Genetic editing untangles one strand of the AMD web

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Ophthalmology Times EuropeOphthalmology Times Europe March 2024
Volume 20
Issue 2
Pages: 34

The opportunities and challenges presented by CRISPR manipulation

A strand of DNA being modified by a pencil. Image created in Canva AI.

Functional deployment of CRISPR editing for AMD will be dependent on future research that hones allele targeting strategies. Image created in Canva AI.

Genome engineering presents therapeutic avenues for variants of age-related macular degeneration (AMD), according to an investigative team from the Nuffield Laboratory of Ophthalmology and Nuffield Department of Clinical Neurosciences, University of Oxford, UK. Lead author Ahmed Salman, PhD, and colleagues described the capabilities of manipulating clustered regularly interspaced short palindromic repeats (CRISPR) DNA sequences.1 The enzyme used when manipulating these DNA clusters is known as a CRISPR-associated protein 9, or Cas9; the authors explored means of using the CRISPR/Cas system2 for targeting AMD-related single-nucleotide polymorphisms (SNPs) in complement factor genes. SNPs in these genes are targeted via protospacer adjacent motif (PAM) sites.

The retina was an early testing ground for CRISPR editing: genetic therapy targeting Leber congenital amaurosis was the first in-human CRISPR gene therapy trial. A range of AMD-associated SNPs have been identified in the complement system, including factor H, factor B and complement C3 (C3). Additionally, AMD is multifactorial but the complement system is a primary pathway in the disease’s pathogenesis. Investigators reported that genome-wide association studies detected 52 variants independently associated with AMD, and more than one-third of those variants resided in or near a gene of the complement system.1

The authors found that CRISPR manipulation could be effective for treating AMD, as long as allele specificity was achieved.1 “CRISPR targeting of pathogenic variants with active Cas9 appeals as a promising therapeutic approach since specific knockout of pathogenic AMD SNPs could potentially result in a non-pathogenic variant,” they wrote. As an example, the authors referenced a study by Hecker et al,3 which assessed a risk variant of AMD in the C3 locus (rs2230199). The analysis showed a trend toward elevated levels of complement activation marker C3a.3 Specific knockdown of the pathogenic (G) allele by random indels, using active Cas9 targeting, would be an “ideal strategy,” though such a level of allele specificity could be difficult. Single-base editing, in which one base pair is targeted and specifically replaced with another, is more accurate for editing transition SNPs, but is not always applicable.

“Activation of the complement system is a dynamic process, and the complement landscape is constantly changing during the different phases of activation,” the authors wrote. “During the acute phase, different complement components are rapidly generated, inactivated and cleared.” The complement system is versatile, but its complex nature obscures some of the functional implications available to genetic researchers targeting AMD. Researchers also face the challenge of isolating genetic aspects of AMD’s pathogenesis, since environmental and lifestyle factors can play a role.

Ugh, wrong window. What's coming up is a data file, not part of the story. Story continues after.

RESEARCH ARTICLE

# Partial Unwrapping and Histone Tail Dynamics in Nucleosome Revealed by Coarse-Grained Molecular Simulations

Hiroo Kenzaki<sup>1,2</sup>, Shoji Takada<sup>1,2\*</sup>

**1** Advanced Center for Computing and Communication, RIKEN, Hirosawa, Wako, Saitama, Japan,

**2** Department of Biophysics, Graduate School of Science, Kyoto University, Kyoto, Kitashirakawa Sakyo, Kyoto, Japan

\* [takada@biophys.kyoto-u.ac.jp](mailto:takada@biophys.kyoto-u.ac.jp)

"Different CRISPR-Cas systems, and various Cas9 strains, can potentially be suitable for different variants depending on the nature of the nucleotide change and the availability of suitable PAM sites,” the authors said. Targeted alleles can be manipulated by indels, single-base editing, prime editing or epigenetic editing, depending on the proximity of PAM sites.1 “Although the availability of proximal PAM sites within a seeding window for active Cas9 editing suggests the editing of SNPs is viable, achieving allele-specific targeting is rather difficult,” the authors added. Functional CRISPR editing for AMD will be dependent on future research that hones these targeting strategies. Therapeutic applications should also explore methodologies in assessing and identifying AMD variants to determine which patients are candidates for CRISPR editing.

References

  1. Salman A, McClements ME, MacLaren RE. CRISPR Manipulation of Age-Related Macular Degeneration Haplotypes in the Complement System: Potential Future Therapeutic Applications/Avenues. Int J Mol Sci. 2024;25(3):1697. Published 2024 Jan 30. doi:10.3390/ijms25031697
  2. Xu Y, Li Z. CRISPR-Cas systems: Overview, innovations and applications in human disease research and gene therapy. Comput Struct Biotechnol J. 2020;18:2401-2415. Published 2020 Sep 8. doi:10.1016/j.csbj.2020.08.031
  3. Hecker LA, Edwards AO, Ryu E, et al. Genetic control of the alternative pathway of complement in humans and age-related macular degeneration. Hum Mol Genet. 2010;19(1):209-215. doi:10.1093/hmg/ddp472

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